When you’re in a relationship with a narcissist who’s gaslighting you, you may get unexpected or inappropriate responses to common questions or actions, and your own reactions may be determined to be incorrect or unreasonable. You may start to wonder why your narcissist gives you strange looks that make you question yourself. Fearful for your mental health, you worry that you might be losing your mind. You might begin thinking that you’re the illogical one, or that you’re mentally ill. You likely feel confused all the time, but your observations are never validated.
You’ll even come to doubt your own memory. This was a big one for me. Because my mother liked to overwrite my perceptions and memories with her own, I heard a lot of, “I never said that,” “You imagined it,” or “You dreamed it.” This was the attribute of gaslighting that harmed me the most. Continually being told that I perceived, and therefore remembered, events incorrectly had me in a continual state of self-doubt and confusion. It negatively impacted my ability to make decisions and to trust my own judgment and perceptions.
This form of abuse leads to feeling depressed, anxious, helpless, hopeless, or exhausted. You may feel surreal, like you’re invisible, or like you don’t exist. Your sense of reality may seem” fuzzy” around the edges, and you can’t think clearly. You probably have trouble problem-solving and making decisions because you doubt your judgment or your observations.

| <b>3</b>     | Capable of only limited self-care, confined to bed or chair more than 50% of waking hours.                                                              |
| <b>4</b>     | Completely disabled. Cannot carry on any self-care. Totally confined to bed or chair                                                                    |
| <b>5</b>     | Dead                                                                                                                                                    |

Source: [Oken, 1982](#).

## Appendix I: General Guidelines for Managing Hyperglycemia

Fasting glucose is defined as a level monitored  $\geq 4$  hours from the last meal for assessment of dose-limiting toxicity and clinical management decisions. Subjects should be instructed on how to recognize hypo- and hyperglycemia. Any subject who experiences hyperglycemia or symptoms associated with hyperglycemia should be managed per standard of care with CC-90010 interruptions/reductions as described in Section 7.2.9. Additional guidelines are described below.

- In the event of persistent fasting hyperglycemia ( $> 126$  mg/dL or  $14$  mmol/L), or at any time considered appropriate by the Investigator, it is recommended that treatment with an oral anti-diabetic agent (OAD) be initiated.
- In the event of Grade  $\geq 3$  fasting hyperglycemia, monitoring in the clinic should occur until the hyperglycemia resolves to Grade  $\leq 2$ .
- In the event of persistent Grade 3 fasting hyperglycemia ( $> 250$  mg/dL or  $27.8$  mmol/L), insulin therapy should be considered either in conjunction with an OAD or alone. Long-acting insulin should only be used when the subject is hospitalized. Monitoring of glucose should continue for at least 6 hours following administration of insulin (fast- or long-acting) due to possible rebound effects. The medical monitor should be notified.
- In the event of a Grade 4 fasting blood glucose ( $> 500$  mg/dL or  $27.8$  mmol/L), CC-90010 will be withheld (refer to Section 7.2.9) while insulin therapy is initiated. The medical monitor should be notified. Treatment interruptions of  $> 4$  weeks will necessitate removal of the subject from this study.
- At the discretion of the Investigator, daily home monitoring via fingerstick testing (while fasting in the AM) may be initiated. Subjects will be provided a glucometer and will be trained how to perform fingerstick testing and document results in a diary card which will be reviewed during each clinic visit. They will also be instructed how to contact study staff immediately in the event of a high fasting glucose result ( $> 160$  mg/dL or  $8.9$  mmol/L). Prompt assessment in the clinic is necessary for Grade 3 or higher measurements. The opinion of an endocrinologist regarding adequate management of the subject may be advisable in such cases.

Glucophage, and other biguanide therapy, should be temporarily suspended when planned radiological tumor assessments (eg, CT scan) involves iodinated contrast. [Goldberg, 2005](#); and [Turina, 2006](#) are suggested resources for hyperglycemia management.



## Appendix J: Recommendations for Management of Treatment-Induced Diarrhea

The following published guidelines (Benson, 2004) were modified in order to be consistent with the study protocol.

And while you’re struggling with all of this, your narcissist will continue to play the mind games, twisting your perception of reality.
Eventually, you may begin to depend on your narcissist to tell what’s real and what isn’t. You’ll rely on them to tell you what happened, how it happened and how you should remember it. If the gaslighting is constant, your reality will depend on their interpretation of it. You’ll begin to lose your sense of self. If this happens, you’ve likely started to dissociate and become the version of “you” that your narcissist already believes you are.